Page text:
Olive Oil is Heart-Healthy: But Only If It's Not a Fake
I’ve always loved olive oil—the way it smells and tastes, and the way it adds texture and depth to just about any dish. It’s also incredibly heart-healthy, helping to prevent heart disease, lowering blood pressure, and reducing inflammation. Yet, that’s only if the olive oil you buy is real olive oil!
What makes olive oil such a powerful heart supporter is its unique combination of healthy monounsaturated fats and powerful antioxidants known as polyphenols. It’s these polyphenols that help to block the oxidation of harmful LDL cholesterol and prevent atherosclerosis (“hardening” of the arteries).
Another plus for using olive oil is that it reduces blood pressure. This was confirmed in one Spanish study after systolic and diastolic pressures fell by approximately 8 mm/Hg on an olive oil diet, compared to control group counterparts using sunflower oil who showed no reductions of blood pressure. In animals, olive oil led to enhanced relaxation of the aorta and was successful in treating rats with high blood pressure.
Yet, with olive oil its “buyer beware” since some imported olive oils are imitations of the real thing. True Italian extra-virgin olive oil is made from pressed olives and is expensive to make. So some oils that are labeled “extra-virgin olive oil” are actually mixed with cheaper oils, such as vegetable oil.
In fact, a few months ago Olive Oil Times reported that two Andalusian businessmen were sentenced for distributing olive oil in Spain that was just 20-30% olive oil, mixed with 70-80% sunflower oil. Plus, a study led by researchers at the University of California found that as much as 69% of imported olive oil from Europe wasn’t pure olive oil.
So, how do you know if you’re getting true olive oil?
- You can’t go by the color. Some pure olive oils are golden, while others are green. The color of an olive oil depends on the olives that were used to make it.
- Look for olive oil that was made in Califoria, which has strict quality standards. It should carry the California Olive Oil Council (COOC) seal.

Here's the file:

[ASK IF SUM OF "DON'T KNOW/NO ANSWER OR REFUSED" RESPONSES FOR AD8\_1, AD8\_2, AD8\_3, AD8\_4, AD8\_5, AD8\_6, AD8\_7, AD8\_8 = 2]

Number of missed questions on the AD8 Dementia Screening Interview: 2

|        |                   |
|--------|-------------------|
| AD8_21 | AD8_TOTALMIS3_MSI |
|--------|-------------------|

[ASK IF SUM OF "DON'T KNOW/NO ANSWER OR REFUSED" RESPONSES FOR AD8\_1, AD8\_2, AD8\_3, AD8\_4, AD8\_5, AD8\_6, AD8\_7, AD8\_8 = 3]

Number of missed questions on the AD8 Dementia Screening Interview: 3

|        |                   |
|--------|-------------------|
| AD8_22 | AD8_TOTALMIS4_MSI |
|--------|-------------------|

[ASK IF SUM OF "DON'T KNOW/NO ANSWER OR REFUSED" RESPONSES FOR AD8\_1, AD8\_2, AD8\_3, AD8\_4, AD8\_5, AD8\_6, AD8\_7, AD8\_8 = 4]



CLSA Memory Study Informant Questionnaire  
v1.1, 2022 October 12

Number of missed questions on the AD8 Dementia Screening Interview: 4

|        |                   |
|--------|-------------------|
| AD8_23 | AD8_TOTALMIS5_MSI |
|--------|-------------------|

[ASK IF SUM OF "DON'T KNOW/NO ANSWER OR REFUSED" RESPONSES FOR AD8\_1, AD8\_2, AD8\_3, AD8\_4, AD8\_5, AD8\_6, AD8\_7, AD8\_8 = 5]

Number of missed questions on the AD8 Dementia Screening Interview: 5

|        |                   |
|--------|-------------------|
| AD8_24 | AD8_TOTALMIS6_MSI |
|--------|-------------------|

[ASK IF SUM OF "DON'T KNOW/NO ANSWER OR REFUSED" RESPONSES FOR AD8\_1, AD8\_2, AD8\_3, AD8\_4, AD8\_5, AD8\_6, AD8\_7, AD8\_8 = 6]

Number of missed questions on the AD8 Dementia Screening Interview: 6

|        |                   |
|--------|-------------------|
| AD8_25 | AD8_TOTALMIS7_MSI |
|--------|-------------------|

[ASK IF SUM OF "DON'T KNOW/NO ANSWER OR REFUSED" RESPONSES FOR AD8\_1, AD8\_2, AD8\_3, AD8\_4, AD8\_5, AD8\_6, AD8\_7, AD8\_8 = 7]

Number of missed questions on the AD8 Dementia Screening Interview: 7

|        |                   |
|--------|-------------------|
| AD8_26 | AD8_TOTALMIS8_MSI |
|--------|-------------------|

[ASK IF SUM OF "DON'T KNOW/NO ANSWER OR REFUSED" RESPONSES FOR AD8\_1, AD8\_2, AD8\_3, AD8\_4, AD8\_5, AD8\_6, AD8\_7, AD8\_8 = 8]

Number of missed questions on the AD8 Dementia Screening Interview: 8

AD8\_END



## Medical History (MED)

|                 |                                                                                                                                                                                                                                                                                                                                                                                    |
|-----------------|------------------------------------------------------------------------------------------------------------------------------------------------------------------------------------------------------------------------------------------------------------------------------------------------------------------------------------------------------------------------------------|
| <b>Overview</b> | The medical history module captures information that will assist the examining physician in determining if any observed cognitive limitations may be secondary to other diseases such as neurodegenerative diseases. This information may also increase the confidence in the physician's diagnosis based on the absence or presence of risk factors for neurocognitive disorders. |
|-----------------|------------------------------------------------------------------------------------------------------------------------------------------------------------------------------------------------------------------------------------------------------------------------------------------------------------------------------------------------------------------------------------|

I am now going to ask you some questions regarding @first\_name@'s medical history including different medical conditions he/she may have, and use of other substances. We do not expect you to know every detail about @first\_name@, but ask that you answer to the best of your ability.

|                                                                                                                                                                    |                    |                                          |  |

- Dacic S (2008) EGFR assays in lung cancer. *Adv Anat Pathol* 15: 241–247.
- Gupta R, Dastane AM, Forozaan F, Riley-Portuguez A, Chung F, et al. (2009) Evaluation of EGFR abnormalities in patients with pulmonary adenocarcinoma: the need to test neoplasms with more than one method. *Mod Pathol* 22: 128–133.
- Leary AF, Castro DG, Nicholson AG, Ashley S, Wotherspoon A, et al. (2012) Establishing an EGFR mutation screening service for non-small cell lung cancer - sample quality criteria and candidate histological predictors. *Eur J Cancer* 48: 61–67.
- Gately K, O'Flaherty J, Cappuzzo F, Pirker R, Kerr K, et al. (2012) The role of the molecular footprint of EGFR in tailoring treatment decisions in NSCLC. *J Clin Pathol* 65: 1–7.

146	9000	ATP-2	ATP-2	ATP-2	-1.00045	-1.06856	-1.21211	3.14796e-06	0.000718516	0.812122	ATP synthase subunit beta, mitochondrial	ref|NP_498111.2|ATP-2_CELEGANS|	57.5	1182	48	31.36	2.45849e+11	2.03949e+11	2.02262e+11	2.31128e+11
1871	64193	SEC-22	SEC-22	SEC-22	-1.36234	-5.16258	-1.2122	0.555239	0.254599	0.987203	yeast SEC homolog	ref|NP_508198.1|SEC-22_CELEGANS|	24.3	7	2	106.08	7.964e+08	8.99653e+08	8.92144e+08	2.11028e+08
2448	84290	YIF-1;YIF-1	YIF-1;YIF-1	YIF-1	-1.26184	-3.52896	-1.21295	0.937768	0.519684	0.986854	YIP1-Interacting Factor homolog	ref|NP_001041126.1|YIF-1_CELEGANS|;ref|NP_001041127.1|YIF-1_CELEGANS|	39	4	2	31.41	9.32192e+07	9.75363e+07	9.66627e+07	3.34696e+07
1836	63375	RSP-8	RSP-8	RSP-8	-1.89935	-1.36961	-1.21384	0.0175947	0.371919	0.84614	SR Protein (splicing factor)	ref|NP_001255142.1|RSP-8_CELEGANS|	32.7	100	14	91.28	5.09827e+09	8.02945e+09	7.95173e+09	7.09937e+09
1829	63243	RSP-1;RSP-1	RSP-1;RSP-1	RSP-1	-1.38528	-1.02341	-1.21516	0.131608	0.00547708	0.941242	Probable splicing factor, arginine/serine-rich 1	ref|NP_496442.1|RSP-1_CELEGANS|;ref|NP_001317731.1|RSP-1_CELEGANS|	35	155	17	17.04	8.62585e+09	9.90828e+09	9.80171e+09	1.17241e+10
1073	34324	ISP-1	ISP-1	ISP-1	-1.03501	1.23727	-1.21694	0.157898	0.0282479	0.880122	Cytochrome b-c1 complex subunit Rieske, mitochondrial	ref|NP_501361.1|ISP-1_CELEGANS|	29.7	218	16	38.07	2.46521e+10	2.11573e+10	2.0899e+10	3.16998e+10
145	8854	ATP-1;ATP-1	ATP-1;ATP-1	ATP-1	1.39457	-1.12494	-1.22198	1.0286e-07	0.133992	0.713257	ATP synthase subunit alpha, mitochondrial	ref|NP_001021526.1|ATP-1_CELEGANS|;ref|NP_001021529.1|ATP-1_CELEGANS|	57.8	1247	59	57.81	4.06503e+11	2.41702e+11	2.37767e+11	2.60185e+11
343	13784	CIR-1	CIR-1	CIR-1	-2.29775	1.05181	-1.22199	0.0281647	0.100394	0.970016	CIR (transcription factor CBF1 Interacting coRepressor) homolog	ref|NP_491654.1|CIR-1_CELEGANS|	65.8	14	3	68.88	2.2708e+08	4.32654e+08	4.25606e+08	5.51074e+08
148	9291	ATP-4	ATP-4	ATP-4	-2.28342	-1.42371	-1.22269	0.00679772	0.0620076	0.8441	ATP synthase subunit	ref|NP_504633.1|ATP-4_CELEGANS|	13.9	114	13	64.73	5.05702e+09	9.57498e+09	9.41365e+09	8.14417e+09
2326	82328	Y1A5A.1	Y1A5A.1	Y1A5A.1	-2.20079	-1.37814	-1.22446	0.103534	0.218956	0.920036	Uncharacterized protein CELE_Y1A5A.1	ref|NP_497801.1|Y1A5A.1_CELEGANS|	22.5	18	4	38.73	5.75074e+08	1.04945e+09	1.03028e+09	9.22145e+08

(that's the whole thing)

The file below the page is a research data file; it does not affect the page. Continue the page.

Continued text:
- Avoid olive oils that are labeled “light” or “pure” since that means it was chemically refined. One thing to note is that “light” refers to the flavor of the oil, not the number of calories it contains.
- “Extra virgin” doesn’t mean you’re getting pure olive oil—since up to 90% of extra virgin oil can be “light” or “pure” olive oil.
- Select an olive oil that's in a dark bottle, since olive oil is sensitive to light. Also, check the expiration date since olive oil loses its potency over time.
Once you buy your oil, keep in mind that at 14 grams of fat per tablespoon, the calories can certainly mount if used too liberally. So don't drench your salad with olive oil, and certainly don't dunk bread into it since this combo is too calorie-dense. That said, olive oil can boost the flavor and heart-healthy quality of all kinds of entrée and vegetable recipes.
Now it’s your turn: What’s your favorite way to use olive oil?
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Dr. Stephen Sinatra is a highly respected and sought-after cardiologist and nutritionist with more than 30 years of clinical practice, research, and study. His integrative approach to heart health focuses on reducing inflammation in the body and maximizing the heart's ability to produce and use energy. More About Dr. Sinatra
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